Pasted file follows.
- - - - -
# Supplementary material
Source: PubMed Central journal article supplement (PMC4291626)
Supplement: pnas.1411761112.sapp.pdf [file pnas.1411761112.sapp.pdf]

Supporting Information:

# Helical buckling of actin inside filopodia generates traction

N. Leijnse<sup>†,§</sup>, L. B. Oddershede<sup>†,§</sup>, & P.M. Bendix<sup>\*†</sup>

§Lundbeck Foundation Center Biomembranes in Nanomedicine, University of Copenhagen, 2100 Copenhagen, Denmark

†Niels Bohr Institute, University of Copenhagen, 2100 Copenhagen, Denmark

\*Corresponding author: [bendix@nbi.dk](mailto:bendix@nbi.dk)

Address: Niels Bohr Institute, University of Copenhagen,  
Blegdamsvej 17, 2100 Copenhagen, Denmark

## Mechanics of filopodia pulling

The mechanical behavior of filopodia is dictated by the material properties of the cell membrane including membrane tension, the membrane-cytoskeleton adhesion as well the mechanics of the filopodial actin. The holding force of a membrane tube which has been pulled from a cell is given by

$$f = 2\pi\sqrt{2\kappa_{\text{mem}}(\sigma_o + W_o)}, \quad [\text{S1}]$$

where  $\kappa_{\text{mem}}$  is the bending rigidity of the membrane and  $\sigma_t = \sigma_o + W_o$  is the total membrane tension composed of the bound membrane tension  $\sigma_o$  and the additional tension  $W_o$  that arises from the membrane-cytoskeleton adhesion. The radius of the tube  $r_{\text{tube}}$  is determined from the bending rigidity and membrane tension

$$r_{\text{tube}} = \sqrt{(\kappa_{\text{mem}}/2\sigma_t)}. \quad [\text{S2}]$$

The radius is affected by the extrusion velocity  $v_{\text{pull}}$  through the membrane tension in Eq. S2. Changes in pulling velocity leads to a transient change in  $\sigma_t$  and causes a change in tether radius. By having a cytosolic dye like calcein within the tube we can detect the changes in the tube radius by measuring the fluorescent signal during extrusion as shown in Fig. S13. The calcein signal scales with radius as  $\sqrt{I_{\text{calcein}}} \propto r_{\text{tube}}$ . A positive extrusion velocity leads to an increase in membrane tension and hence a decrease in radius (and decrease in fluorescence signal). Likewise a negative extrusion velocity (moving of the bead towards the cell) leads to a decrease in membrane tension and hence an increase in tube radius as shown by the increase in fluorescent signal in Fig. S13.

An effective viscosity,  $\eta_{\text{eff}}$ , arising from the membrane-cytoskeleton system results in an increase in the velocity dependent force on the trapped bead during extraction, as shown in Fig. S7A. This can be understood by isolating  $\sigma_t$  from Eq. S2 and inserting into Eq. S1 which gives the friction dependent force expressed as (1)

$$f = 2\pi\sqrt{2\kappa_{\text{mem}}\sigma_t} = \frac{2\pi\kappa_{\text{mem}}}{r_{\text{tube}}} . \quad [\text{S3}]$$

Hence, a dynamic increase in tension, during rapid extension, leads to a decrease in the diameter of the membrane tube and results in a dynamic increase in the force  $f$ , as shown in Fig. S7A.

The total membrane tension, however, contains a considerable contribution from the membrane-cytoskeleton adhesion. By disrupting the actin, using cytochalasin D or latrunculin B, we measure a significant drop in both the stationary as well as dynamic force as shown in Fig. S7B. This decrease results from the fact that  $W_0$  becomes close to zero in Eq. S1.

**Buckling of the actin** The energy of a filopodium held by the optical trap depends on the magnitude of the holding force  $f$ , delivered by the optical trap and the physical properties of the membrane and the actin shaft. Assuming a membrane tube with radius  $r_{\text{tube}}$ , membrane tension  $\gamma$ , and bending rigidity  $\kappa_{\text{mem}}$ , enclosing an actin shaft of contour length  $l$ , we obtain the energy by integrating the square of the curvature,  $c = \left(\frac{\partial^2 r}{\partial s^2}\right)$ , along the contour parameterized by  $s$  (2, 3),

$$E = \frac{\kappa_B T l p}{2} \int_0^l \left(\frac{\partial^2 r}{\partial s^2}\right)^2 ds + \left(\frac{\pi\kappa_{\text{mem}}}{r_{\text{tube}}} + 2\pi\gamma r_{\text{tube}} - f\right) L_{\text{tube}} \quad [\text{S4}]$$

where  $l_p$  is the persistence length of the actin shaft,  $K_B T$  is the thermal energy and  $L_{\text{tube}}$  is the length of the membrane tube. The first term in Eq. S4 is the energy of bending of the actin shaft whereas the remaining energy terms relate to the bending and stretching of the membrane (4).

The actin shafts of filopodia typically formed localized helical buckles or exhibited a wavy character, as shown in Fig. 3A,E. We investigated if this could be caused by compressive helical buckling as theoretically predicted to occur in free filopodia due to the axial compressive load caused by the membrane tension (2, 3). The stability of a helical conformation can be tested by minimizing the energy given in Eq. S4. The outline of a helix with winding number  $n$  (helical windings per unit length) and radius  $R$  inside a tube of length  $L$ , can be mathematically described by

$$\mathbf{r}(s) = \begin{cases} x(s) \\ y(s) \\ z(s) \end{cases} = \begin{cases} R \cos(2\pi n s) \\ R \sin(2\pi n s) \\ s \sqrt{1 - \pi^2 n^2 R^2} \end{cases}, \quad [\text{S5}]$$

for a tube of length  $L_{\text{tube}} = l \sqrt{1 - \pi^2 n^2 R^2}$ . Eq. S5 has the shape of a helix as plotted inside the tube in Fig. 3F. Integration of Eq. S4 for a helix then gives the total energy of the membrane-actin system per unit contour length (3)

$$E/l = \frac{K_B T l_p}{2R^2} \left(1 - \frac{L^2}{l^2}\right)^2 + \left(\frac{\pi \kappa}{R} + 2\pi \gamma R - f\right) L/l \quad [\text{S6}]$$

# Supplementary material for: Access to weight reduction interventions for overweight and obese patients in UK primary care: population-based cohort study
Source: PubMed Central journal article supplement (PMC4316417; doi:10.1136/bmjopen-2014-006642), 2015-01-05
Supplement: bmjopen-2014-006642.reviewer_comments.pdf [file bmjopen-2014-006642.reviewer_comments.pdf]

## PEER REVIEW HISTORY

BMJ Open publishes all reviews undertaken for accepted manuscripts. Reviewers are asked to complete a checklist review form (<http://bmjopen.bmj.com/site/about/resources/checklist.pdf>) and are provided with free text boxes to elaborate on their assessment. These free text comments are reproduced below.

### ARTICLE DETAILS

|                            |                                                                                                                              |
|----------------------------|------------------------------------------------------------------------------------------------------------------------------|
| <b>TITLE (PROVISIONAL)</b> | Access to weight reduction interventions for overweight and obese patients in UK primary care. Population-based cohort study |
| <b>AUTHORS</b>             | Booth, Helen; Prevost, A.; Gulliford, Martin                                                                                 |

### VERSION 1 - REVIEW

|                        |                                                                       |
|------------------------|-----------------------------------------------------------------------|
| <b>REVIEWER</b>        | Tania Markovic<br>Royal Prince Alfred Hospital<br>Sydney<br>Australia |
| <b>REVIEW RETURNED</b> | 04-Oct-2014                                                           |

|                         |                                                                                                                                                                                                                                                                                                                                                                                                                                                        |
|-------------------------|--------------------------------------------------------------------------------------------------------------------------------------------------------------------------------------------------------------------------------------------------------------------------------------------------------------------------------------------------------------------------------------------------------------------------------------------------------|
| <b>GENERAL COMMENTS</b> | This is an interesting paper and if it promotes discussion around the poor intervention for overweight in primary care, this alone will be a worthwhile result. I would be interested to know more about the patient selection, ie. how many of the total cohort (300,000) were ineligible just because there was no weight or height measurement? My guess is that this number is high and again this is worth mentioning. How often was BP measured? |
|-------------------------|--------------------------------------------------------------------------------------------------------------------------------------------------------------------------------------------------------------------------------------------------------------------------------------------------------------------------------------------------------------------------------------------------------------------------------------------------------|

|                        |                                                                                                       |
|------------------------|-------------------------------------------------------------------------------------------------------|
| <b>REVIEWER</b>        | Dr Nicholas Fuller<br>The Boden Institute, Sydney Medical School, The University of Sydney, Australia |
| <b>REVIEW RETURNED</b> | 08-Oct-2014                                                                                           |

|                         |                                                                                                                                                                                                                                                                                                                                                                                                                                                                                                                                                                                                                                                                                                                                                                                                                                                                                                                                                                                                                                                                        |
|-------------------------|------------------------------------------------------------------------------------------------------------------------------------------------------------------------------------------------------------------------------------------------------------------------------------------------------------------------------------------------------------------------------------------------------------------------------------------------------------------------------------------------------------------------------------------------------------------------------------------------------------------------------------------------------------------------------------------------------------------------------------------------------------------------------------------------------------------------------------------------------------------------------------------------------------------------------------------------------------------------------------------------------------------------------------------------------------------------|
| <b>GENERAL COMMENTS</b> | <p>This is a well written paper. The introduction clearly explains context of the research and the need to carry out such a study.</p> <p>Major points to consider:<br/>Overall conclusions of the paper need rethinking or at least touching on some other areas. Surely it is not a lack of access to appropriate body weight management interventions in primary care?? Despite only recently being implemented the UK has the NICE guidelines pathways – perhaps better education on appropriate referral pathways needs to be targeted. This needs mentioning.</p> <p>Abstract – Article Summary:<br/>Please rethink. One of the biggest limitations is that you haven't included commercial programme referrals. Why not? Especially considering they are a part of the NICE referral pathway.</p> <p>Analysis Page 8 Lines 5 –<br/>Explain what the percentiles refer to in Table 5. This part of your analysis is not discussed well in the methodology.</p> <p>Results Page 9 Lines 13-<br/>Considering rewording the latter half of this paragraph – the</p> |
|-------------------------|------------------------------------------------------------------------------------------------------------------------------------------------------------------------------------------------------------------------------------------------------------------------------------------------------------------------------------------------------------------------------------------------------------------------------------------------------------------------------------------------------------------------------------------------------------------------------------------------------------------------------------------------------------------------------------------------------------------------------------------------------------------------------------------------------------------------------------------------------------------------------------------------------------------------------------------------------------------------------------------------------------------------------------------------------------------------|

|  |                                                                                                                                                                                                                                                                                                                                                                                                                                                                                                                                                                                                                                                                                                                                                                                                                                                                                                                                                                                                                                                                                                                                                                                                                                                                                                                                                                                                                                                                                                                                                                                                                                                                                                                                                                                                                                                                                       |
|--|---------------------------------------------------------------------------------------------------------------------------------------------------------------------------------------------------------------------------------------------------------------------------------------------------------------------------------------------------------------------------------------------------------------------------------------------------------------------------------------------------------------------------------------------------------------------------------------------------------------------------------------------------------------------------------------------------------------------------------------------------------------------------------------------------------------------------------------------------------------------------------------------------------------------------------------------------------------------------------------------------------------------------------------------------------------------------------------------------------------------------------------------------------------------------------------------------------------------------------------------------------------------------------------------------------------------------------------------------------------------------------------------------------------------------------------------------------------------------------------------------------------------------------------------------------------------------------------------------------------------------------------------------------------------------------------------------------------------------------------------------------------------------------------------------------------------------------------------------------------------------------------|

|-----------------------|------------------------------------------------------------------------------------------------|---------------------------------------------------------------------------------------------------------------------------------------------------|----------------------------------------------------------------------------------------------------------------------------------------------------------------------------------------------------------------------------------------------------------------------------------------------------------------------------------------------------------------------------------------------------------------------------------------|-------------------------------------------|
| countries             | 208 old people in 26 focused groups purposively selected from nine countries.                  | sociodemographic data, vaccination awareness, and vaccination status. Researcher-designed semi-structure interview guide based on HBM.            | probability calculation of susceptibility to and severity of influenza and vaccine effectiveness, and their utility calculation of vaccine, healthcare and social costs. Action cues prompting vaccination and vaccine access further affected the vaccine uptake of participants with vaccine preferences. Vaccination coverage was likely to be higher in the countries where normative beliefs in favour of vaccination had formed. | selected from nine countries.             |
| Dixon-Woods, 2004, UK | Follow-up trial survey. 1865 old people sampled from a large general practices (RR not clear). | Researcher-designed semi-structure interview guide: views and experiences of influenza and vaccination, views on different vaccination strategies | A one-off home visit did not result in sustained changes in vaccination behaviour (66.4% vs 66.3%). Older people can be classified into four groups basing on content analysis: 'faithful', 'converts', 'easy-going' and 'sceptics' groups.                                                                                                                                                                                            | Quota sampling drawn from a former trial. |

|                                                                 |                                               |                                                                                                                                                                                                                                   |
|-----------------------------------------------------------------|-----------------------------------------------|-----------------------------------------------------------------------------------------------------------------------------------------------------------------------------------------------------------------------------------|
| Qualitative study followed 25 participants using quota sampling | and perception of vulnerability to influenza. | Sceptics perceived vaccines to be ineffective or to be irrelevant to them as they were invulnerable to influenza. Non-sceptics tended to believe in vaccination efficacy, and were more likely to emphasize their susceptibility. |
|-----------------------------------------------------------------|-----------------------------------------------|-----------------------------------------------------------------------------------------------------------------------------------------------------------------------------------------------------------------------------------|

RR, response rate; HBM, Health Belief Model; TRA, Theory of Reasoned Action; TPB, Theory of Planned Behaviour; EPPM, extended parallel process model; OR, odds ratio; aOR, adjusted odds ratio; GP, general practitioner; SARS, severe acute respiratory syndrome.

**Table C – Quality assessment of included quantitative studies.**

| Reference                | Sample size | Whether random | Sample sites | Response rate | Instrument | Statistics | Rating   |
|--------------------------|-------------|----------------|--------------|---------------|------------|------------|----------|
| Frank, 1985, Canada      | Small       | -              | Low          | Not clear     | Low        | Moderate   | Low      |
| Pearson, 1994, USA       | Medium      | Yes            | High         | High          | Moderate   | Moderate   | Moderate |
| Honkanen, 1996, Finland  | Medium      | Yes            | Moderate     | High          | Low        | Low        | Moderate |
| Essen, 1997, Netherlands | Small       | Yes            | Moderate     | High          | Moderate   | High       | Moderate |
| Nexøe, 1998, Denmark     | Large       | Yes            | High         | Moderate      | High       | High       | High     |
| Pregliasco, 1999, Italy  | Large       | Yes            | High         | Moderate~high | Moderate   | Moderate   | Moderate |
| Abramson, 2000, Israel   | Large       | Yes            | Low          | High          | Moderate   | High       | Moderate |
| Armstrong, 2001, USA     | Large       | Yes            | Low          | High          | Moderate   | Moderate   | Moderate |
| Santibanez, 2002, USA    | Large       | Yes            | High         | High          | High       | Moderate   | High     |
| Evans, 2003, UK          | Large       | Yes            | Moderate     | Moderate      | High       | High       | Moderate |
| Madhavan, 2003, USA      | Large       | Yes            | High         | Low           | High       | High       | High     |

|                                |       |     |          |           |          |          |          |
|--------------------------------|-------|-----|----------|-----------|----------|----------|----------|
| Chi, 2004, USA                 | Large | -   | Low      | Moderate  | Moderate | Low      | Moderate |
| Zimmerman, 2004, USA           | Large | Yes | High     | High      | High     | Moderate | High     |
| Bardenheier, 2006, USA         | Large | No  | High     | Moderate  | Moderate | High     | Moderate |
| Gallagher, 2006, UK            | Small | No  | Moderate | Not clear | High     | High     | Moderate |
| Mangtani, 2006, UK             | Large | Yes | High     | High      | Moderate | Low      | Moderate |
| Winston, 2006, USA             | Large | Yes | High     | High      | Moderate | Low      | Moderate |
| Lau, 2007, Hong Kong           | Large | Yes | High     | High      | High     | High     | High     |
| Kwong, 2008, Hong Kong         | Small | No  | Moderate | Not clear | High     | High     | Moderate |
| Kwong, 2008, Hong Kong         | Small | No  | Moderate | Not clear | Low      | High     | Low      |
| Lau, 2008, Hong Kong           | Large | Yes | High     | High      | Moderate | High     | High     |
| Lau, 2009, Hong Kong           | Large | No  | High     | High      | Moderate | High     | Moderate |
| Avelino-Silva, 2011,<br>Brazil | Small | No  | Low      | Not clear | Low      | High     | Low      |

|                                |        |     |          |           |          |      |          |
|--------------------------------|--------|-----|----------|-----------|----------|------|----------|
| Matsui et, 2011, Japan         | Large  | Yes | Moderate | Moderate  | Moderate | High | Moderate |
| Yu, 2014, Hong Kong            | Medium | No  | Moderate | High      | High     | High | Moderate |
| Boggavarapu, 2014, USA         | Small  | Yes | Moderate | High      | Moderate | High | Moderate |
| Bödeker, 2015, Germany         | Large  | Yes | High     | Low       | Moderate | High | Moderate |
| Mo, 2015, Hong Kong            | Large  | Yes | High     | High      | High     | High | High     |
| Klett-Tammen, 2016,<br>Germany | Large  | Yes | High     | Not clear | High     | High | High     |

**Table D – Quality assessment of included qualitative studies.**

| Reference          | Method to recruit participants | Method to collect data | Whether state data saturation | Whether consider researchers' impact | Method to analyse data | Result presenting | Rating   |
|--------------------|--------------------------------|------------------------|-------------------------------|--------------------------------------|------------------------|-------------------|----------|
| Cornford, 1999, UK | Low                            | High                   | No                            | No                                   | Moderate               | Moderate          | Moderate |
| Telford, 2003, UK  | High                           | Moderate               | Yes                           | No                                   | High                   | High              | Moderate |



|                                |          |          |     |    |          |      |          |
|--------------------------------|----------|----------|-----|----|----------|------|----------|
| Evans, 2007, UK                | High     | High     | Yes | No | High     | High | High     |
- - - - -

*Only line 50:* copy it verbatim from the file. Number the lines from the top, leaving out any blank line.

| <b>REVIEWER</b>        | Dr Nicholas Fuller<br>The Boden Institute, Sydney Medical School, The University of Sydney, Australia |